The Charlotte News



In Ecstasy—

Hymn Done In Imitation Of The Dithyrambic Manner

The origin of this satiric piece, as recalled by Cash's newspaper mates, is as follows: On the Monday morning following an upset football victory by North Carolina over Duke, the Charlotte Observer's editorial page bore a gaudy panegyric in honor of the lowly Tar Heels who had overcome the vaunted power of the Blue Devils. Cash could not have cared less, but he winced at such a to-do over a football game when Hitler dominated the European continent and the very fate of the West hung in the balance. Although the editor of the rival Observer was anything but an isolationist, Cash was minded to puncture him anyhow. That editor, a native South Carolinian like Cash, was Julian S. Miller, whose Observer staff was encouraged to call him "Doctor" by virtue of the honorary LL.D. conferred upon him by his alma mater, Erskine College. Miller had enrolled at little Erskine in Due West, South Carolina, after only one year at Chapel Hill—and he used that year to justify his hot partisanship for the football Tar Heels. Cash whipped up this "dithyrambic" reply to Miller, full of classical allusions, quite spontaneously and without stopping to check references.

--Note from W.J. Cash: Southern Prophet by Joseph L. Morrison
(This article appeared in the Reader section of Southern Prophet.)

Site ed. note: Ray Wolf was the North Carolina football coach at the time. And Cash may have checked his references far more thoroughly than Professor Morrison thought. . .


Ah, me, masters, the Greeks at Thermopylae and Koritza just weren't in it. And Fogarty Fegan, of the Jervis Bay, was a mere piker.

There they were, you see, the intrepid little band of Ray Wolf's Spartans, the Six Hundred at Balaklava, Achilles all alone before Troy, Richard's men encompassed by the men of Saladin, the cadets at New Market, Pickett at Gettysburg, and Lady Godiva in the streets of Coventry.

And in front of them, not only the serried host of the Persians, not only the Moslem, not only the damnyankee and Peeping Tom, not only great Hector and the Czar's might, but the restless power of (old) Rome's legions, Lord Hitler's Blitzkrieg, and also the assembled potency of Olympus itself.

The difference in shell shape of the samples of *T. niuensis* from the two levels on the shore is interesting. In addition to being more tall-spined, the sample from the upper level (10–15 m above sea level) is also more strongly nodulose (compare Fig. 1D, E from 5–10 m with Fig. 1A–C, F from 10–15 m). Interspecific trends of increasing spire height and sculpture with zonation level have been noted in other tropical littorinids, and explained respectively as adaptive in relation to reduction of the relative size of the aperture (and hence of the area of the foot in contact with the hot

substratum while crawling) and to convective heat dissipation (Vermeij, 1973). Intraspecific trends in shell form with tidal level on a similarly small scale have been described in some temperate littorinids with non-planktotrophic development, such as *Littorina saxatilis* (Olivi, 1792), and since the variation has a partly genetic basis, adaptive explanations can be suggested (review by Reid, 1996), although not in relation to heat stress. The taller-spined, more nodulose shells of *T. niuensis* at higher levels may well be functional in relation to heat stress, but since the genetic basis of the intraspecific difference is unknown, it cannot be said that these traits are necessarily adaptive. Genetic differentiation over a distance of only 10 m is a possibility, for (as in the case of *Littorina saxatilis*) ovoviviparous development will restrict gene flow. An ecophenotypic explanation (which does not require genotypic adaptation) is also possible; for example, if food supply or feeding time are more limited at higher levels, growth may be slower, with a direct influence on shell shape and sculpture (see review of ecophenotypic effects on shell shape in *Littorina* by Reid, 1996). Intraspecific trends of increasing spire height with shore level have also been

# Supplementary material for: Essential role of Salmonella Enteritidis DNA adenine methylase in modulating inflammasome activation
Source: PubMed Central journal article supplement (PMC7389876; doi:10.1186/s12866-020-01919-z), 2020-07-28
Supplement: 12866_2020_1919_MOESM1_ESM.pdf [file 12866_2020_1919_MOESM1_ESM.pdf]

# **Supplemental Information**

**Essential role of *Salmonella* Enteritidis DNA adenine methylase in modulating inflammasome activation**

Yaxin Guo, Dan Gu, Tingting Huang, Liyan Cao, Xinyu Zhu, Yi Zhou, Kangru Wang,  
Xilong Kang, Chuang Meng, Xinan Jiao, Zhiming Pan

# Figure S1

Aphrodite born of the sea foam—well, maybe not Aphrodite, either, but anyhow the Titans resistless and Mars and old Saturn and Neptune, plus a couple of Nazi pocket battleships, and Vulcan and Mercury of the winged heels and all the demi-gods and heroes, Hercules and Ajax of the mighty shoulders and Sisyphus (not Sissy-puss, silly!) and Icarus and what have you, plus maybe old Silenus and a plentiful helping of gnomes out of Walt Disney. And at their head shining Apollo himself, revered from pole to pole and throughout the starry universe.

But were they downhearted, that little Spartan band which hadn't a look-in? No! And no, two more times. Theirs not to reason why, theirs but to do and die. They piled Pelion on Ossa and Ossa on Olympus, and then struggled up those rocky and bleeding slopes, panting and whooping. With all guns blazing they steamed in, the Bonhomme Richard and the Jervis Bay rolled into one. They piled into the black ships and went sashaying around the Mediterranean on the course of old Odysseus.

With the steady blaze of their brilliance, they outdazzled Apollo. And they littered the bloody field with the slain enemy.

And all that, mind you, within the short space of less than two hours. Ring out, oh bells, ring out. And be still in your graves, oh you Lacedaemonians and you men of the Victory! Rise up again, oh, Homer and Tennyson. Now arriveth the greatest victory, the most deathless deed, of all times. For countless ages men will cheer and sob aloud to hear. Weep, Devils (3), and sing, Tar Heels (6).

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